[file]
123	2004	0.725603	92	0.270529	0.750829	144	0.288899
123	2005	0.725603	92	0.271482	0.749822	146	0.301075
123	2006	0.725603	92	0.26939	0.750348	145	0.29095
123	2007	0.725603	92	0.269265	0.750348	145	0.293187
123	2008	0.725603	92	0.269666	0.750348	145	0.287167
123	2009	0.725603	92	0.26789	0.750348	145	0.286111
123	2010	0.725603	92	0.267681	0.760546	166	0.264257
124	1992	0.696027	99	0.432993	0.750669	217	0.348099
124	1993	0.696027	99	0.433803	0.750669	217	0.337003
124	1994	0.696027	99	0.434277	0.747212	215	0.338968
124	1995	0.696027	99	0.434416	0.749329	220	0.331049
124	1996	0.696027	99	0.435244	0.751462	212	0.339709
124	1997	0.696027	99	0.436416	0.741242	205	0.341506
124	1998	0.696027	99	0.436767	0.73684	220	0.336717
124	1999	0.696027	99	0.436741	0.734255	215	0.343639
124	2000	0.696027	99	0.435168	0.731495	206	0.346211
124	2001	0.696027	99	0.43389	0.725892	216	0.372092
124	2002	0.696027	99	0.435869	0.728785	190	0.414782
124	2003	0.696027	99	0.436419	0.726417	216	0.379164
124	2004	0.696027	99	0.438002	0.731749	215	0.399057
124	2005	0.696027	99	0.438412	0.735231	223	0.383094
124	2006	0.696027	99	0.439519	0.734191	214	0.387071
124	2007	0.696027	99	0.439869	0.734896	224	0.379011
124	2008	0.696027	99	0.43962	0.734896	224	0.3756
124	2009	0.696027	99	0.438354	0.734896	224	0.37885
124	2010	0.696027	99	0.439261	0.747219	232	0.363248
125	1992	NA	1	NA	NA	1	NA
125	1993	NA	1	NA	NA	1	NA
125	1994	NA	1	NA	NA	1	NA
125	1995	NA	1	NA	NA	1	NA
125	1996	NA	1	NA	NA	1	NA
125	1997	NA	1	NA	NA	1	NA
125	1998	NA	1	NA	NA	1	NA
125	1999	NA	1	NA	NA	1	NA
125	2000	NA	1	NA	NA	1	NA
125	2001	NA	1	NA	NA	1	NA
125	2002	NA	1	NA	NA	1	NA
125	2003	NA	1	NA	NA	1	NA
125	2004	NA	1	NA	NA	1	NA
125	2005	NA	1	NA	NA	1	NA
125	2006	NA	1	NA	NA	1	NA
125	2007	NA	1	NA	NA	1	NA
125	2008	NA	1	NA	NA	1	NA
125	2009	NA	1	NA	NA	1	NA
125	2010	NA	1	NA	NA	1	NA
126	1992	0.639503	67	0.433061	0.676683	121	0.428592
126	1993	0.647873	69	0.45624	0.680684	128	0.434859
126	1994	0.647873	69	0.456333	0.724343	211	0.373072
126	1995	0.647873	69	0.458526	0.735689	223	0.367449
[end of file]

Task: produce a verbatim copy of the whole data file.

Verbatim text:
123	2004	0.725603	92	0.270529	0.750829	144	0.288899
123	2005	0.725603	92	0.271482	0.749822	146	0.301075
123	2006	0.725603	92	0.26939	0.750348	145	0.29095
123	2007	0.725603	92	0.269265	0.750348	145	0.293187
123	2008	0.725603	92	0.269666	0.750348	145	0.287167
123	2009	0.725603	92	0.26789	0.750348	145	0.286111
123	2010	0.725603	92	0.267681	0.760546	166	0.264257
124	1992	0.696027	99	0.432993	0.750669	217	0.348099
124	1993	0.696027	99	0.433803	0.750669	217	0.337003
124	1994	0.696027	99	0.434277	0.747212	215	0.338968
124	1995	0.696027	99	0.434416	0.749329	220	0.331049
124	1996	0.696027	99	0.435244	0.751462	212	0.339709
124	1997	0.696027	99	0.436416	0.741242	205	0.341506
124	1998	0.696027	99	0.436767	0.73684	220	0.336717
124	1999	0.696027	99	0.436741	0.734255	215	0.343639
124	2000	0.696027	99	0.435168	0.731495	206	0.346211
124	2001	0.696027	99	0.43389	0.725892	216	0.372092
124	2002	0.696027	99	0.435869	0.728785	190	0.414782
124	2003	0.696027	99	0.436419	0.726417	216	0.379164
124	2004	0.696027	99	0.438002	0.731749	215	0.399057
124	2005	0.696027	99	0.438412	0.735231	223	0.383094
124	2006	0.696027	99	0.439519	0.734191	214	0.387071
124	2007	0.696027	99	0.439869	0.734896	224	0.379011
124	2008	0.696027	99	0.43962	0.734896	224	0.3756
124	2009	0.696027	99	0.438354	0.734896	224	0.37885
124	2010	0.696027	99	0.439261	0.747219	232	0.363248
125	1992	NA	1	NA	NA	1	NA
125	1993	NA	1	NA	NA	1	NA
125	1994	NA	1	NA	NA	1	NA
125	1995	NA	1	NA	NA	1	NA
125	1996	NA	1	NA	NA	1	NA
125	1997	NA	1	NA	NA	1	NA
125	1998	NA	1	NA	NA	1	NA
125	1999	NA	1	NA	NA	1	NA
125	2000	NA	1	NA	NA	1	NA
125	2001	NA	1	NA	NA	1	NA
125	2002	NA	1	NA	NA	1	NA
125	2003	NA	1	NA	NA	1	NA
125	2004	NA	1	NA	NA	1	NA
125	2005	NA	1	NA	NA	1	NA
125	2006	NA	1	NA	NA	1	NA
125	2007	NA	1	NA	NA	1	NA
125	2008	NA	1	NA	NA	1	NA
125	2009	NA	1	NA	NA	1	NA
125	2010	NA	1	NA	NA	1	NA
126	1992	0.639503	67	0.433061	0.676683	121	0.428592
126	1993	0.647873	69	0.45624	0.680684	128	0.434859
126	1994	0.647873	69	0.456333	0.724343	211	0.373072
126	1995	0.647873	69	0.458526	0.735689	223	0.367449